#### DMCA

## SANDIA REPORT LDRD Final Report: Robust Analysis of Large-scale Combinatorial Applications NOTICE: LDRD Final Report: Robust Analysis of Large-scale Combinatorial Applications

### BibTeX

@MISC{Hart_sandiareport,

author = {William E Hart and Robert D Carr and Cynthia A Phillips and Jean-Paul Watson and Nicholas L Benavides and Harvey Greenberg and Todd Morrison and William E Hart and Robert D Carr and Cynthia A Phillips and Jean-Paul Watson and Nicolas L Benavides and Harvey Greenberg and Todd Morrison},

title = {SANDIA REPORT LDRD Final Report: Robust Analysis of Large-scale Combinatorial Applications NOTICE: LDRD Final Report: Robust Analysis of Large-scale Combinatorial Applications},

year = {}

}

### OpenURL

### Abstract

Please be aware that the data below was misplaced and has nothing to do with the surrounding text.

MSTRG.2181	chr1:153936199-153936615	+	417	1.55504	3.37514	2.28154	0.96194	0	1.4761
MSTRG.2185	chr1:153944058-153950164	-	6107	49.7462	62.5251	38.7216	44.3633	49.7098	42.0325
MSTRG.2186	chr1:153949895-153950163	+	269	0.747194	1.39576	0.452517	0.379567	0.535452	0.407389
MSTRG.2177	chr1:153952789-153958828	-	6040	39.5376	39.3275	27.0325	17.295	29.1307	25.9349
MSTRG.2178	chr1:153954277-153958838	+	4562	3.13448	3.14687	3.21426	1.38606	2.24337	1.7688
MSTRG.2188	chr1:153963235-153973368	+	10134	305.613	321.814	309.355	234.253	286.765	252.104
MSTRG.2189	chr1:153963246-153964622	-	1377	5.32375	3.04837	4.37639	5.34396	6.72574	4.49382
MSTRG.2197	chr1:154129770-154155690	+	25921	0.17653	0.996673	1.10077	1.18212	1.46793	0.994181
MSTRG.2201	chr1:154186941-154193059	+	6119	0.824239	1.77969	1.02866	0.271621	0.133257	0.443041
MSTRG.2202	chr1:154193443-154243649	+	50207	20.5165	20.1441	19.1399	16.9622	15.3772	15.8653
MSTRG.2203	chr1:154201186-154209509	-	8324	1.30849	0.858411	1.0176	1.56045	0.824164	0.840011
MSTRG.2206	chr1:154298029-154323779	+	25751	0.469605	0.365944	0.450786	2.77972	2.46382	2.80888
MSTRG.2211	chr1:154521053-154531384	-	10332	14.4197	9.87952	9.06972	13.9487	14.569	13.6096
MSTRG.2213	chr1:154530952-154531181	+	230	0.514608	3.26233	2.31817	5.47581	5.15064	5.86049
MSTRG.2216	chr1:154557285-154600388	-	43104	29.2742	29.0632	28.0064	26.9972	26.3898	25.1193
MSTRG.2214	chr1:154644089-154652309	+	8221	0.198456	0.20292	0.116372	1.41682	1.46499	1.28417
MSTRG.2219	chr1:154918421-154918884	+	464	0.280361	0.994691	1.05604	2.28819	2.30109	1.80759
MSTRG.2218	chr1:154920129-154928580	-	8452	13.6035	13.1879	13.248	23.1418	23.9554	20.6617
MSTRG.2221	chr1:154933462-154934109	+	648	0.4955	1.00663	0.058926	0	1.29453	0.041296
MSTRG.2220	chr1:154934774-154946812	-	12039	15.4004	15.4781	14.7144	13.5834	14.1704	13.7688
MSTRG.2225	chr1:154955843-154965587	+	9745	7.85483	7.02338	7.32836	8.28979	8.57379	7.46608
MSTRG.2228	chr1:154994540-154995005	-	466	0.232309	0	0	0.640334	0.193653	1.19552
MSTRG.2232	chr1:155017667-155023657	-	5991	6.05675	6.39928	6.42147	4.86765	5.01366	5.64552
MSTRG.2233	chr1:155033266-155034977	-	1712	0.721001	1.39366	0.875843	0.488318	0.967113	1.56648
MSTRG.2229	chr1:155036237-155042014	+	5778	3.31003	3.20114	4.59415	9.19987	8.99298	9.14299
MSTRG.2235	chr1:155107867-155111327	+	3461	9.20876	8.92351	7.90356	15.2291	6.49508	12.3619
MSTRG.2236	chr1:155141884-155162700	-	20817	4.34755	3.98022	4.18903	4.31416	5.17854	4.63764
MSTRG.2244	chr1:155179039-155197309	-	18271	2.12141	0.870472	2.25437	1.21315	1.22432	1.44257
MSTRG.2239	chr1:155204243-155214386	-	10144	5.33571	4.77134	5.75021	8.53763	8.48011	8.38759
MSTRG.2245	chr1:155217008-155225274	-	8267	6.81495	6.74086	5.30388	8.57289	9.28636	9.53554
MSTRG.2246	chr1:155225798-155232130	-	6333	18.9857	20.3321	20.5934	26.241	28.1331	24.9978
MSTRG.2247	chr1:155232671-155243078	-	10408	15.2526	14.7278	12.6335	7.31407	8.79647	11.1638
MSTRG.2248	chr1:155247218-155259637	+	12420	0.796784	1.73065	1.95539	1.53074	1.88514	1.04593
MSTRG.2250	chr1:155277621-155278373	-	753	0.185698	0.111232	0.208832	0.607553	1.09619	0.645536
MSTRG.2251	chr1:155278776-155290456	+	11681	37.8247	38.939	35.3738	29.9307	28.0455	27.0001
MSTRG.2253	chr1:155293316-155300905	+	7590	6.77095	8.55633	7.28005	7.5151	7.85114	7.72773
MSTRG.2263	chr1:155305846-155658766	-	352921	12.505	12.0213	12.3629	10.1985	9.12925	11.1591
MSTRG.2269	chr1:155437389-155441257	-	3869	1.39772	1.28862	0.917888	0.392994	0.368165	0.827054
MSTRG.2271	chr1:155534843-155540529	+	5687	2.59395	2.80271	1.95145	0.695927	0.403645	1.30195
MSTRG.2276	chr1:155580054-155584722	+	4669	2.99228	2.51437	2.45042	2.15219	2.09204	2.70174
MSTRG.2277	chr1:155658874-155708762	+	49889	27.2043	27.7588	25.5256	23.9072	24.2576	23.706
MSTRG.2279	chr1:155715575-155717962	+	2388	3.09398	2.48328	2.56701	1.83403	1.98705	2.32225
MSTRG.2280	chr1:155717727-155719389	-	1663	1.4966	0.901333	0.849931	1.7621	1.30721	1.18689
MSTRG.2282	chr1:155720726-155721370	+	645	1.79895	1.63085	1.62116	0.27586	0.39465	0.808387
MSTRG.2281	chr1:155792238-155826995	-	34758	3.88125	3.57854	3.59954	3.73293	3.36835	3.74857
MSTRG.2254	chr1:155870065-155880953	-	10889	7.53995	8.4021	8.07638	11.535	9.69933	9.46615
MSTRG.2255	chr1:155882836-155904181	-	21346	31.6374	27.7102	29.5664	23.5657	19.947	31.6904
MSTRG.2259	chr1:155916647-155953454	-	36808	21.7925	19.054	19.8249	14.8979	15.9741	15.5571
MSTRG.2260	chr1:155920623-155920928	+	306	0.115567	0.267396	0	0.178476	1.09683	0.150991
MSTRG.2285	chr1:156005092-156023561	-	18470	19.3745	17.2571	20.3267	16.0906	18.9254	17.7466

Abstract Discrete models of large, complex systems like national infrastructures and complex logistics frameworks naturally incorporate many modeling uncertainties. Consequently, there is a clear need for optimization techniques that can robustly account for risks associated with modeling uncertainties. This report summarizes the progress of the Late-Start LDRD "Robust Analysis of Largescale Combinatorial Applications". This project developed new heuristics for solving robust optimization models, and developed new robust optimization models for describing uncertainty scenarios. 3 Acknowledgments We thank Regan Murray for collaborating on the application of robust optimization techniques to water security applications. Executive Summary Many real-world problems are concerned with maximizing or minimizing an objective (e.g. maximizing profit, minimizing costs, or lowering of risk). Optimization methods are commonly used for these applications to find a best possible solution to a problem mathematically, which improves or optimizes the performance of the system. Many real-world optimization problems involve discrete decisions, such as selecting investments, allocating resources and scheduling activities. These discrete optimization problems arise in many application areas like infrastructure surety, military inventory and transportation logistics, production planning and scheduling, and informatics. Discrete models of large, complex systems like national infrastructures and complex logistics frameworks naturally incorporate many modeling uncertainties. Model factors like transportation times and demands in water networks are inherently variable. Further, other information like logistical costs and infrastructure capacity limitations may only be known at a coarse, aggregate level of precision. Although such models can be optimized using average or estimated data, solutions found in this manner often fail to reflect the risks associated with these modeling uncertainties. Consequently, there is a clear need for discrete optimization methods that can robustly account for risks associated with modeling uncertainties. So called robust optimization techniques find solutions that optimize a performance objective while accounting for these modeling uncertainties. Sandia's discrete optimization group has developed robust optimization methods for a variety of real-world problems, but a consistent challenge has been that existing robust optimization approaches cannot be reliably used on large-scale applications. This report summarizes the progress of the Late-Start LDRD "Robust Analysis of Large-scale Combinatorial Applications". This project's accomplishments can be grouped into three areas: • Robust Optimization with CVaR: Conditional value-at-risk (CVaR) is a risk metric that is commonly used in financial models. Discrete optimization formulations of CVaR have recently been developed for water security and facility location applications, but only small-scale problems can be practically solved with existing optimization solvers. We describe experimental analyses of CVaR problems that (a) characterize computational bottlenecks and (b) evaluate the performance of heuristic optimization solvers. • Minimizing Regret: The regret of a decision made under uncertainty refers to the impact of not having made an optimal decision without uncertainties. Uncertainty in discrete optimization models can often be analyzed by minimizing the maximum regret. We present a new minimax regret formulation that is mathematically stronger than previous approaches. 9 • Enabling Technologies: Several software development efforts were initiated to enable the solution of robust optimization applications. A new search strategy for the PICO integer programming solver was developed to avoid over-constraining the search in risk-constrained applications. Further, a Python module was developed to flexibly model and solve the nonlinear formulations that commonly arise in discrete optimization problems. We expect these new capabilities to directly impact Sandia's ability to address modeling uncertainties in a variety of new and ongoing efforts. For example, the following projects will leverage these capabilities in FY08: • Water Security (EPA): The EPA has been funding Sandia to develop contaminant warning systems for water distribution systems. A key element of this is the placement of sensors, which involves uncertain data. The EPA is interested in Sandia's robust optimization capabilities, and the new formulation developed in this LDRD addresses a key scalability challenge in this work: accounting for seasonal demand varitions. We do not expect this model to be used within the current SNL-EPA WFO project, but in FY08 we will leverage this when formulating a new WFO project with the EPA. • Scheduling Investments in Future Energy Supplies (LDRD): An ongoing LDRD project will leverage these robust optimization capabilities to address uncertainties in models used to plan investments our nation's energy infrastructure. Addressing uncertainties is a fundamental aspect of these models, but robust optimization is not the technical focus. However, our robust optimization results can be immediately applied to these models. • Aircraft Fleet Planning (LMSV): An ongoing Shared Vision project with Lockheed Martin will leverage the Pyomo software developed in this project to support a new application initiative. This software will be used to formulate and solve an aircraft fleet planning logistics model. In particular, Pyomo's ability to interface with aircraft design sub-models is critical to this project. Further, there is significant uncertainty in these logistics problems, and thus robust optimization techniques are particularly valuable for these planning activities. 2 Robust Optimization with CVaR The conditional value-at-risk (CVaR) metric is a risk measure that has been widely used in the finance community. The CVaR risk measure can be applied to applications in which problem uncertainty can be characterized by a set of scenarios. For example, in infrastructure security applications, scenarios might consider possible failures of infrastructure components due to attacks. In logistics models, scenarios might characterize the time needed to transport materials. These types of scenario-based optimization formulations are very flexible. They can integrate complex uncertainty models. For example, they allow optimization methods to be used effectively with data generated by more detailed simulation models. Further, they allow for the characterization of the impacts of uncertainties in a generic manner. For example, we have recently used CVaR to model risk in a water security applications In this section we describe an integer programming (IP) model for CVaR for sensor placement. Preliminary computational results highlight challenges with solving this IP on real-world sensor placement applications. We address this challenge in several ways. First, we consider bottlenecks in the solution of the CVaR integer program (IP); specifically, we consider the runtime of the root linear programming relaxation. Although the cost of this relaxation can be reduced, the total cost of the CVaR IP remains large. Consequently, we consider the application of several IP heuristics. A CVaR Integer Programming Formulation Value-at-Risk (VaR) is a percentile-based metric usually defined as the maximal allowable loss within a certain confidence level γ ∈ (0, 1) For example, suppose f ( x, ξ ) = ξ and Pr(ξ = 10) = Pr(ξ = 100) = 1 2 . Then, 11 If we think of f as some measure of risk, the chance constraint is a confidence level (γ) that the risk not exceed some level, which we minimize. (We can equivalently write Pr[ f ( x, ξ ) > u] ≤ 1 − γ, which says that we want the probability of exceeding some level (u) to be less than 1 − γ, say 5%. The objective is to minimize that level subject to that chance constraint.) We generally want to know what the VaR is at various values of γ, ranging from 90% to 99%. The Conditional Value-at-Risk (CVaR) is a related metric which measures the conditional expectation of losses exceeding VaR at a given confidence level. Technically, this expectation is the Tail Conditional Expectation (TCE), and CVaR is linearization of TCE investigated by Uryasev and Rockafellar To see this relation, let Ω be the set of scenarios, let ω i the probability of realizing scenario i, and f i ( x) be the value of f in scenario i ∈ Ω. Observe that by defining an indicator variable, ρ i , to be 1 if f i ≥ VaR and 0 otherwise, we can write TCE as, Next we define a vector of auxiliary variables y = (y i ) such that Then we can write, Noting that ∑ i ω i ρ i ≈ γ, we define CVaR as the approximation, Graphically, CVaR holds with equality at those points where γ = ∑ i ω i ρ i (the points where the usual function steps) and joins the steps with a linear overestimate of CVaR. Thus, CVaR serves as an approximation of the bilinear form found in the formulation of TCE and is continuous in γ. 12 We illustrate the use of CVaR by developing an IP for minimizing the CVaR of impacts in sensor placement problem. We consider the sensor placement formulation described Berry et al. [6]: This IP minimizes the expected impact of a set of contamination scenarios defined by A . For each scenario a, L a ⊆ L defines the set of locations that can be contaminated in the scenario, α a defines the weight of the scenario, and d ai defines the impact of the contamination; Berry et al. [6] consider a water security application, where typical impacts are population exposure, extent of contamination, and time to detection. The s i variables indicate where sensors are placed in the network, subject to a budget p, and the x ia variables indicate whether scenario a is witness at location i by a sensor. A limitation of this model is that is considers only the weighted average of scenario impacts, the expected impact. Thus rare, but potentially catastrophic, contamination scenarios will be essentially ignored. To address these possibly disastrous extremes we need to include some measure of the risk associated with a particular solution. As a risk metric that is sensitive to large tails CVaR is well suited to this task. Hence we have formulated the sensor placement problem with restricted risk: Alternately, we can formulate the risk adverse sensor placement problem as a goal programming problem by dropping the maximum CVaR constraint (13) and replacing the objective 13 function (7) with, Either formulation allows us to explore the efficient frontier of trade-offs between minimizing the expected case versus reducing our exposure to risky outliers. In the first formulation this can be done by solving the problem for a number of values, maxCVaR, assuming we know a reasonable range to work in. The second formulation avoids the need to know this range, instead we explore the efficient frontier by varying the parameter λ . Computational issues and the difficulties inherent in exploring the efficient frontier of non-convex, multiple-objective problems (such as integer programs) will probably require the use of both formulations or a combination of the two. Preliminary Computational Results Our preliminary computational analysis of CVaR considers a small sensor placement application for water security for which we can solve many CVaR optimization problems to optimality. We explore the efficient frontier by solving for the minimum expected value subject to an upper bound ("maxCVaR") on CVaR. Since we would like to investigate only the non-trivial points we seed our search by solving a weighted sum formulation ("MinBoth") with a very small weight (λ = .01) on CVaR. The data points from these experiments are plotted in Appendix A includes an article submitted for publication to the Journal of Infrastructure Systems. This article summarizes the use of this CVaR IP for real-world sensor placement applications; Watson, Hart and Murray [13] describes a preliminary version of this article, and a journal submission was completed as part of this LDRD. This article shows the difficulty associated with optimizing large-scale CVaR models. We were not able to solve the IP formulation for real-world sensor placement applications. Further, it was difficult to assess whether heuristic optimization methods provided near-optimal solutions. Thus, Minimizing CVaR From our previous results, a clear challenge is the analysis of IP models with highly constrained CVaR. In particular, simply minimizing CVaR can be a very challenging problem, even for small distribution networks. IP solvers have not proven effective at minimizing CVaR because the LP bounds used in this search process are very weak. Consequently, we have focused on the application of heuristic optimizers, which work quickly but do not guarantee that an optimal is found. In previous work, we have developed a GRASP heuristic for CVaR [6], and in this project we contrast this heuristic with two new IP solvers: a feasibility pump heuristic, and a fractional decomposition tree (FDT) heuristic. The feasibility pump heuristic is a recently developed strategy for quickly finding solutions to general integer programs. This heuristic starts with the optimal LP solution, and then solves a series of LP subproblems that attempt to drive this solution towards a feasible discrete solution. This heuristic has recently been integrated into the PICO IP solver, where it generates solutions used to prune the branch-and-bound tree used during search. FDT starts with the optimal LP solution, which is often not discrete. It then considers a series of decompositions of the fractional solution, into a convex combination of two solutions that are integral in one-or-more variables. Thus FDT iteratively fixes discrete solutions, but in a manner that is guided by the LP fractional solution. FDT has been recently developed by Carr and Phillips [7], and our application of FDT to CVaR is one of the first evaluations of this heuristic on real-world applications. An FDT implementation for minimizing CVaR was implemented in the AMPL modeling language. The GRASP and feasibility pump results were generated within a few minutes. The FDT heuristic generates a series of solutions; the first solution is generated within a few minutes, and generating all subsequent solutions required up to an hour. These results indicate that feasibility pump and FDT are not an improvement over the GRASP heuristic, either in final solution value or in terms of the required runtime. A clear limitation of heuristic methods is that they fail to provide a confidence bound in the final solution. One strategy for providing a bound is to compute the linear relaxation of the IP formulation, which relaxes the integrality constraints. The values of the LP relaxations are provided in A New Formulation for Minimizing Regret The regret of a decision made under uncertainty refers to the impact of not having made an optimal decision without uncertainties. For example, consider the context of selecting a facility location to meet "customer" demand (e.g. locating a fire station or waste dump). Facility demands are uncertain, and these uncertainties can often be characterized as a set of potential demand scenarios. In practice, one or more of these scenarios is likely to dominate future usage of the facility, but further information is unavailable when a decision maker selects the facility location. A minimax regret formulation minimizes the regret of a decision across all scenarios. Here, regret can be characterized as the difference between a solution and the solution value optimized for a particular scenario: so the canonical minimax formulation is This is also called the worst-case regret, since we are minimizing the worst regret overall. Chen et al. [8] consider a minimax regret model that minimizes the worst regret over the best 100α% (say 95%) of the scenarios. This is better than minimizing the worst case regret when one does not want an answer that is dominated by few scenarios (which may occur with low probability). For example, airports should not cater only to Thanksgiving and Christmas travel, but a worst-case regret formulation could do just that. The following sections critique this model and present an alternative formulation that can be used to optimize this modified regret formulation. In particular, this reformulation is motivated by the fact that the technique described by Chen et al. [8] is not practical for large facility location applications. The final section below discusses the relationship between this facility location model and the water security application discussed above. A Minimax Regret Formulation The original idea behind the facility location problem is that there is a network of customer node locations with a demand at each node and potential sites for p facilities that service these demands at a cost that increases with the distance from the facility to the customer. The problem then is to place the facilities so that the total demand is met at minimum cost. We start with demand nodes i numbered from 1 to m so that the first n nodes (from 1 to n) are the potential sites to place a facility, of which p of these sites will be chosen for putting facilities. We are given scenarios 1 to K. For scenario k we specify a demand h ik for each customer i and distance d i jk between each customer i and potential facility location j. We assign a probability q k that scenario k will occur and the minimum costV k for satisfying 19 the total demand given one knows a head of time that scenario k will occur;V k is obtained by solving a facility location problem for scenario k alone. The robust model proposed by Chen et al. [8] finds set of facility locations that minimize a regret measure. So, if x j for j = 1..n are binary variables that indicate where we will put our facilities and y i, j,k are binary variables that are 1 when customer i gets serviced by facility j under scenario k, the total cost of meeting the demand for scenario k is Since the lowest possible cost would beV k , there is a regret of R k from scenario k given by We could minimize a weighted sum of regrets or a worst-case regret, but in both cases outlier scenarios can significantly skew our solution. A worst-case regret may only be relevant for a small number of extreme scenarios, and a weighted sum can be similarly skewed by large outlier values. Although we would want a solution to work well in principle for all scenarios, that fact that we have uncertainties in the relevance of these scenarios motivates the decision maker to ignore these extreme scenarios for the analysis. Our robust measure based on regrets is to minimize the worst regret in the best 95% of the outcomes. If we have a binary variable z k indicating whether scenario k is in the best 100α% of the regrets, then we will minimize the maximum regret W where for each k we have the constraint which makes W larger than any regret R k in the best 100α% (that is for which z k = 1). Notice that these constraints are designed to say nothing we didn't already know when k is not one of the selected scenarios (z k = 0), but say exactly what we want when k is a selected scenario. To ensure that the z variables are set correctly, we need the constraint Unfortunately, the constraints that give lower bounds for W are non-linear, so we cannot solve this formulation with an integer programming solver in a standard manner. Chen et al. [8] resolve this by guessing the constants m k to be as close to but bigger than the actual regrets R k as possible. Then, the constraints can be used to bound W . The problem with this approach is that if these guesses for m k are off, one may have to make new guesses and solve the IP all over again. 20 Finally, we have the normal facility location constraints for the x variables (indicating facilities) and the y variables (indicating which facility services each customer). Since we are placing p facilities, we have Since in each scenario k, only one facility services any customer i, we have n ∑ j=1 y i jk = 1 ∀i ∈ {1, .., m}∀k ∈ {1, .., K}. Since a facility cannot service a customer if it were never built, we have As was stated earlier, our objective is to minimize W subject to the constraints of this section. A New Minimax Regret Formulation We have come up with several ideas for improving the formulation discussed in the previous section. The first idea is to turn the variable W into a constant by guessing its value to be some W * . We will soon see that this makes the cost of a single scenario easier to model as a linear function, and besides we had to make guesses in the previous IP as well. In keeping with our robust modeling ideas, we should be able to model a truncated cost of a scenario k that is its actual cost if z k = 1, but only W * +V k if k were an outlier (z k = 0). Then, the cost of scenario k can be given by an almost linear function The only non-linearity is the product R k z k , but we will explain later that this product can be closely approximated by linear variables F k , turning the single scenrio cost into the linear function Going back to equation We show the basic modeling idea behind the variables F k that are used to determine F k , and are the product of the cost (optimum single scenario plus regret) times z k . Now, we can impose constraints that bound the variables F k : These constraints ensure that if the cost exceeds the threshold, that is then z k and F k would be set to 0, which one can afford to do up to 1 − α of the time, so that Our next idea is to define scaled versions of the LP relaxation for the facility location formulation so that we could effectively model F k and F k , the versions of the cost and regret of the solution scaled by z k , for each scenario k. To achieve this, we create variables t jk and v i jk that we wish to satisfy v i jk := y i jk z k t jk := x j z k . The usual LP relaxation for facility location is Our constraints to scale this LP by z k are: If we take the above formulation and divide each of t, v, and F by z k , we get the usual LP relaxation for facility location, which means that these scaled models create no additional error compared with the LP relaxation other than that from relaxing the binary variables of the problem. Our third idea is to enforce t to be z k multiplied by the same x vector for all k while allowing v to be z k multiplied by a different y i jk vector for each scenario k. This makes sense since we want to make a placement of facilities that does not depend on scenario while which facility services a customer could depend on the scenario. In fact, we do not use a k subscript for the x variables, but do use such a subscript for the y variables. This modeling distinction leads us to form constraints analogous to the single constraint 22 We may now have a constraint for each j ∈ {1, .., n} stating: Also, we can form another constraint analogous to based on the idea that x j − t jk = x j (1 − z k ), so we can multiply 0 ≤ x ≤ 1 by 1 − z k as well as by z k . Hence, we get 0 These are similar to the constraints except that we take advantage of x not depending on the scenario k. Our robust model in its entirety, except that the objective function is left out, is as follows: As for the objective function, we have choices. One idea is for this IP to simply be a feasibility problem with no objective function. Another idea is to add up the cost of each scenario k truncated by W * +V k , and minimize. Thus an objective function could be One can see by examining this IP model when the z variables all have 0, 1 values that its LP relaxation is as tight as that of the facility location problem for each scenario when this integality condition is satisfied. This indicates that ours is a better LP relaxation than that of the previous section. This also indicates that branching on the z variables is particularly important when solving our robust IP with branch-and-bound. Facility Location and Sensor Placement The sensor placement model (SP) discussed in Section 2 is closely related to the standard p-median formulation used for facility location. There is some additional structure that can be exploited in (SP), but otherwise it uses the same set of constraints. However, the CVaR formulation and our minimax regret formulation address different aspect of modeling uncertainties in sensor placement applications. The CVaR model was developed to characterize the risk associated with different contamination events. In general, we wish to optimize expected performance, while constraining such risk to acceptable level. But when drawing a correspondence with facility location, the CVaR model considers only a single scenario; the different contamination events correspond to different demands on a facility. To better understand this correspondence, consider the placement of sensors to protect against contamination events at different seasons of the year. Water usage patterns will be quite different between summer and winter, and thus contamination events could propagate in very different manners and have different consequences. However, for each season there is a set of possible contamination events that need to be considered, for different locations and times of day for contamination. Thus, the seasons correspond to the scenarios that we have considered for facility location. This generalization of the sensor placement problem addresses one of the key limitations of existing sensor placement formulations. There are a large number of possible scenarios that account for different conditions in the network and different characteristics of contamination events. However, existing approaches lump all of the contamination events in these scenarios into one set of events. As we noted earlier, this could lead to sensor placement designs that are skewed towards particular contamination events in particular scenarios. 4 Enabling Technologies Two enabling technologies were developed as part of our research efforts to facilitate the solution of robust optimization applications. A new modeling tool, Pyomo, was developed to provide a more flexible environment for modeling and solving complex formulations like robust optimization problems. Also, we developed a new search strategy for the PICO integer programming solver that can manage constraint violations in a flexible manner and cache nearly feasible solutions. The Pyomo Modeling Tool Appendix B includes a technical report that describes the Python Optimization Modeling Objects (Pyomo) package. Pyomo is a Python package that can be used to define abstract problems, create concrete problem instances, and solve these instances with standard solvers. Pyomo provides a capability that is commonly associated with algebraic modeling languages like AMPL and GAMS. However, Pyomo can leverage Python's programming environment to support the development of complex models and optimization solvers in the same modeling environment. Algebraic Modeling Languages (AMLs) are high-level programming languages for describing and solving mathematical problems, particularly optimization-related problems An alternative strategy for modeling mathematical problems is to use a standard programming language in conjunction with a software library that uses object-oriented design to support similar mathematical concepts. Although these modeling libraries sacrifice the intuitive mathematical syntax of an AML, they allow the user to leverage the greater flexibility of standard programming languages. For example, modeling libraries like FLOPC++ [3] and OPL [5] enable the solution of large, complex problems within a user-defined application. Pyomo is a Python package that can be used to define abstract problems, create concrete problem instances, and solve these instances with standard solvers. Like other modeling libraries, Pyomo can generate problem instances and apply optimization solvers with a fully expressive programming language. Further, Python is a noncommercial language with a very large user community, which will ensure robust support for this language on a wide range of compute platforms. Python is a powerful dynamic programming language that has a very clear, readable syntax and intuitive object orientation. Python's clean syntax allows Pyomo to express 25 mathematical concepts in a reasonably intuitive manner. Further, Pyomo can be used within an interactive Python shell, thereby allowing a user to interactively interrogate Pyomobased models. Thus, Pyomo has many of the advantages of both AML interfaces and modeling libraries. Pyomo was developed as part of this project to facilitate the development of heuristic optimizers for complex applications like robust optimization problems. Specifically, our goal was to develop heuristics like FDT in Python using Pyomo's modeling objects. Unfortunately, this goal was not realized due to time constraints; instead, we implemented FDT with a rather awkward AMPL model. However, our prototype of Pyomo can be used to model and solve simple integer programming applications using Sandia's PICO IP solver. We expect Pyomo to mature as we use it for applications, and that it will play a key role in the development of new applications. In FY08, we plan to use Pyomo to analyze aircraft fleet planning applications under Lockheed Martin Shared Vision funding, including robust planning models. We currently plan to release Pyomo under an open-source license to encourage its use by external collaborators. Goal Programming in PICO In practice, satisfying a risk constraint exactly in a robust optimization formulation is less crucial than finding an effective compromise between the optimization objective and the performance risk. Thus, a risk constraint is better described as a goal that we want to meet, and risk-constrained robust optimization formulations can be effectively cast as goal programming models. Solution of goal programming models for robust optimization differs from standard discrete optimization in at least two important ways. First, the outcome of robust optimization is a set of solutions that represent trade-offs between the optimization objective and risk. Thus, the optimizer needs to maintain this set of solutions, and filter out solutions that are dominated by other solutions (i.e. they are not better in either the objective or risk value than at least one other solution). This is an example of a bi-criteria optimization problem, and standard sorting techniques can be used to maintain a set of undominated solutions. Second, the search process needs to be adapted to explicitly recognize goals. Standard discrete optimization techniques do not allow the search to focus on infeasible solutions; in fact, the efficiency of a discrete optimization solver is often related to how well it eliminates infeasible solutions. When considering goal constraints, we need to allow for infeasible solutions. This can be done by biasing search towards solutions that meet our goals. This is a natural extension of many heuristic solvers, which simply augment the objective with a penalty associated with how much the goal constraint is violated. Support for goal constraints is being added to Sandia's PICO integer programming solver. The heuristic solvers that PICO supports for integer programming formulations can recognize goals and treat them appropriately, and PICO maintains a pool of solutions 26 that represent different trade-offs between the optimization objective and these goal values. This capability will be included in an forthcoming release of PICO (planned for fall of 2007). 27 References [1] AIMMS home page. [2] AMPL home page. [3] FLOPC++ home page. [4] GAMS home page. [5] OPL home page. [6] J. BERRY, W. E. HART, C. E. PHILLIPS, J. G. UBER, AND J. Abstract The sensor placement problem in contamination warning system design for water distribution networks involves maximizing the protection level afforded by limited numbers of sensors, typically quantified as the expected impact of a contamination event; the issue of how to mitigate against high-impact events is either handled implicitly or ignored entirely. Consequently, expected-case sensor placements run the risk of failing to protect against high-impact, 9/11-style attacks. In contrast, robust sensor placements address this concern by focusing strictly on high-impact events and placing sensors to minimize the impact of these events. We introduce several robust variations of the sensor placement problem, distinguished by how they quantify the potential damage due to high-impact events. We explore the nature of robust versus expected-case sensor placements on three real-world, large-scale networks. We find that robust sensor placements can yield large reductions in the number and magnitude of high-impact events, for modest increases in expected impact. The resulting ability to trade-off between robust and expected-case impacts is a key, unexplored dimension in contamination warning system design.